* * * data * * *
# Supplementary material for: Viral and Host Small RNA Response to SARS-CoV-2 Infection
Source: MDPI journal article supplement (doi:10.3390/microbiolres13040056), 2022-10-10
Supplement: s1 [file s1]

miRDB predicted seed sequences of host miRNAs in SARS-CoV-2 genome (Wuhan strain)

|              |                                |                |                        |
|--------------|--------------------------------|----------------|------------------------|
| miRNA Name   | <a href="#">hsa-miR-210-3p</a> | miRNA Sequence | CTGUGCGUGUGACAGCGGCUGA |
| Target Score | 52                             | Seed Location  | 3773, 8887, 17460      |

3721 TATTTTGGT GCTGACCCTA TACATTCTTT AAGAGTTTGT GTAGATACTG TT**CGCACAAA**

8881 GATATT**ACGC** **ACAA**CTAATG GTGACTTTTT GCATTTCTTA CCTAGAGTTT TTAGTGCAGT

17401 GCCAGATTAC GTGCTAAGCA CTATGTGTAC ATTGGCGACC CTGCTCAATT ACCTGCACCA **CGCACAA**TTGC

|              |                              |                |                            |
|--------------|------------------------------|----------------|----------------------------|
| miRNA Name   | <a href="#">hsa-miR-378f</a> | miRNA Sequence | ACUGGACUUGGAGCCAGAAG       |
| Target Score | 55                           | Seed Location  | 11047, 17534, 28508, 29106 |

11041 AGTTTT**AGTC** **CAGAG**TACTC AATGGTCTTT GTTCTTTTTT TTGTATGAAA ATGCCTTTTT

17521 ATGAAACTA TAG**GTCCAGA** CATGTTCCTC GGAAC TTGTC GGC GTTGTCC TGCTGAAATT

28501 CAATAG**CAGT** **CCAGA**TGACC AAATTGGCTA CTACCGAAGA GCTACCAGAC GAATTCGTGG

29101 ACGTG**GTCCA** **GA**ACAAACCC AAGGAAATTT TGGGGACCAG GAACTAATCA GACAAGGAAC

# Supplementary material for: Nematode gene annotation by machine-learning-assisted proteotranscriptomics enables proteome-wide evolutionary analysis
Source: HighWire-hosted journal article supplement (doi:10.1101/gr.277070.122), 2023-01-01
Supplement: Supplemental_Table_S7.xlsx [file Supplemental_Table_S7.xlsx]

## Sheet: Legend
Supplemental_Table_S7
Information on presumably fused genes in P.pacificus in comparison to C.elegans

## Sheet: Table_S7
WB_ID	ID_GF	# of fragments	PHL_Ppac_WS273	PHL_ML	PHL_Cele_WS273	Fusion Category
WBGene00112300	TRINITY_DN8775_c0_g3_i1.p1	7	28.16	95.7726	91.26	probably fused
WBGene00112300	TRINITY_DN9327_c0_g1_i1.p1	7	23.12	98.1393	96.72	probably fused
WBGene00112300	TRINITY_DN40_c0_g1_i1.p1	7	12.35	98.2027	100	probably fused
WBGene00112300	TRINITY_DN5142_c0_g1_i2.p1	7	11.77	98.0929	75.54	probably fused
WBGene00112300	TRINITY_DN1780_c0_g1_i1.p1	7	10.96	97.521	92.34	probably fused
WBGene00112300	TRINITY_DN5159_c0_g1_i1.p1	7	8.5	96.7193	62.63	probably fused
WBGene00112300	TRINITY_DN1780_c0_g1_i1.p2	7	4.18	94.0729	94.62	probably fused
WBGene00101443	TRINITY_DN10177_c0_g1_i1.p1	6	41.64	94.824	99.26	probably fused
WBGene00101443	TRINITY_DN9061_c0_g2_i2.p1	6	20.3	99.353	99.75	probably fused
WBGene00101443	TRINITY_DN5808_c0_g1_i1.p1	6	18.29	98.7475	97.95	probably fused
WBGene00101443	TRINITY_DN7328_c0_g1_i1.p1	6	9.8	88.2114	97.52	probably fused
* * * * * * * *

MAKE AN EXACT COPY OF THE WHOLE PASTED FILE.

# Supplementary material for: Viral and Host Small RNA Response to SARS-CoV-2 Infection
Source: MDPI journal article supplement (doi:10.3390/microbiolres13040056), 2022-10-10
Supplement: s1 [file s1]

miRDB predicted seed sequences of host miRNAs in SARS-CoV-2 genome (Wuhan strain)

|              |                                |                |                        |
|--------------|--------------------------------|----------------|------------------------|
| miRNA Name   | <a href="#">hsa-miR-210-3p</a> | miRNA Sequence | CTGUGCGUGUGACAGCGGCUGA |
| Target Score | 52                             | Seed Location  | 3773, 8887, 17460      |

3721 TATTTTGGT GCTGACCCTA TACATTCTTT AAGAGTTTGT GTAGATACTG TT**CGCACAAA**

8881 GATATT**ACGC** **ACAA**CTAATG GTGACTTTTT GCATTTCTTA CCTAGAGTTT TTAGTGCAGT

17401 GCCAGATTAC GTGCTAAGCA CTATGTGTAC ATTGGCGACC CTGCTCAATT ACCTGCACCA **CGCACAA**TTGC

|              |                              |                |                            |
|--------------|------------------------------|----------------|----------------------------|
| miRNA Name   | <a href="#">hsa-miR-378f</a> | miRNA Sequence | ACUGGACUUGGAGCCAGAAG       |
| Target Score | 55                           | Seed Location  | 11047, 17534, 28508, 29106 |

11041 AGTTTT**AGTC** **CAGAG**TACTC AATGGTCTTT GTTCTTTTTT TTGTATGAAA ATGCCTTTTT

17521 ATGAAACTA TAG**GTCCAGA** CATGTTCCTC GGAAC TTGTC GGC GTTGTCC TGCTGAAATT

28501 CAATAG**CAGT** **CCAGA**TGACC AAATTGGCTA CTACCGAAGA GCTACCAGAC GAATTCGTGG

29101 ACGTG**GTCCA** **GA**ACAAACCC AAGGAAATTT TGGGGACCAG GAACTAATCA GACAAGGAAC

# Supplementary material for: Nematode gene annotation by machine-learning-assisted proteotranscriptomics enables proteome-wide evolutionary analysis
Source: HighWire-hosted journal article supplement (doi:10.1101/gr.277070.122), 2023-01-01
Supplement: Supplemental_Table_S7.xlsx [file Supplemental_Table_S7.xlsx]

## Sheet: Legend
Supplemental_Table_S7
Information on presumably fused genes in P.pacificus in comparison to C.elegans

## Sheet: Table_S7
WB_ID	ID_GF	# of fragments	PHL_Ppac_WS273	PHL_ML	PHL_Cele_WS273	Fusion Category
WBGene00112300	TRINITY_DN8775_c0_g3_i1.p1	7	28.16	95.7726	91.26	probably fused
WBGene00112300	TRINITY_DN9327_c0_g1_i1.p1	7	23.12	98.1393	96.72	probably fused
WBGene00112300	TRINITY_DN40_c0_g1_i1.p1	7	12.35	98.2027	100	probably fused
WBGene00112300	TRINITY_DN5142_c0_g1_i2.p1	7	11.77	98.0929	75.54	probably fused
WBGene00112300	TRINITY_DN1780_c0_g1_i1.p1	7	10.96	97.521	92.34	probably fused
WBGene00112300	TRINITY_DN5159_c0_g1_i1.p1	7	8.5	96.7193	62.63	probably fused
WBGene00112300	TRINITY_DN1780_c0_g1_i1.p2	7	4.18	94.0729	94.62	probably fused
WBGene00101443	TRINITY_DN10177_c0_g1_i1.p1	6	41.64	94.824	99.26	probably fused
WBGene00101443	TRINITY_DN9061_c0_g2_i2.p1	6	20.3	99.353	99.75	probably fused
WBGene00101443	TRINITY_DN5808_c0_g1_i1.p1	6	18.29	98.7475	97.95	probably fused
WBGene00101443	TRINITY_DN7328_c0_g1_i1.p1	6	9.8	88.2114	97.52	probably fused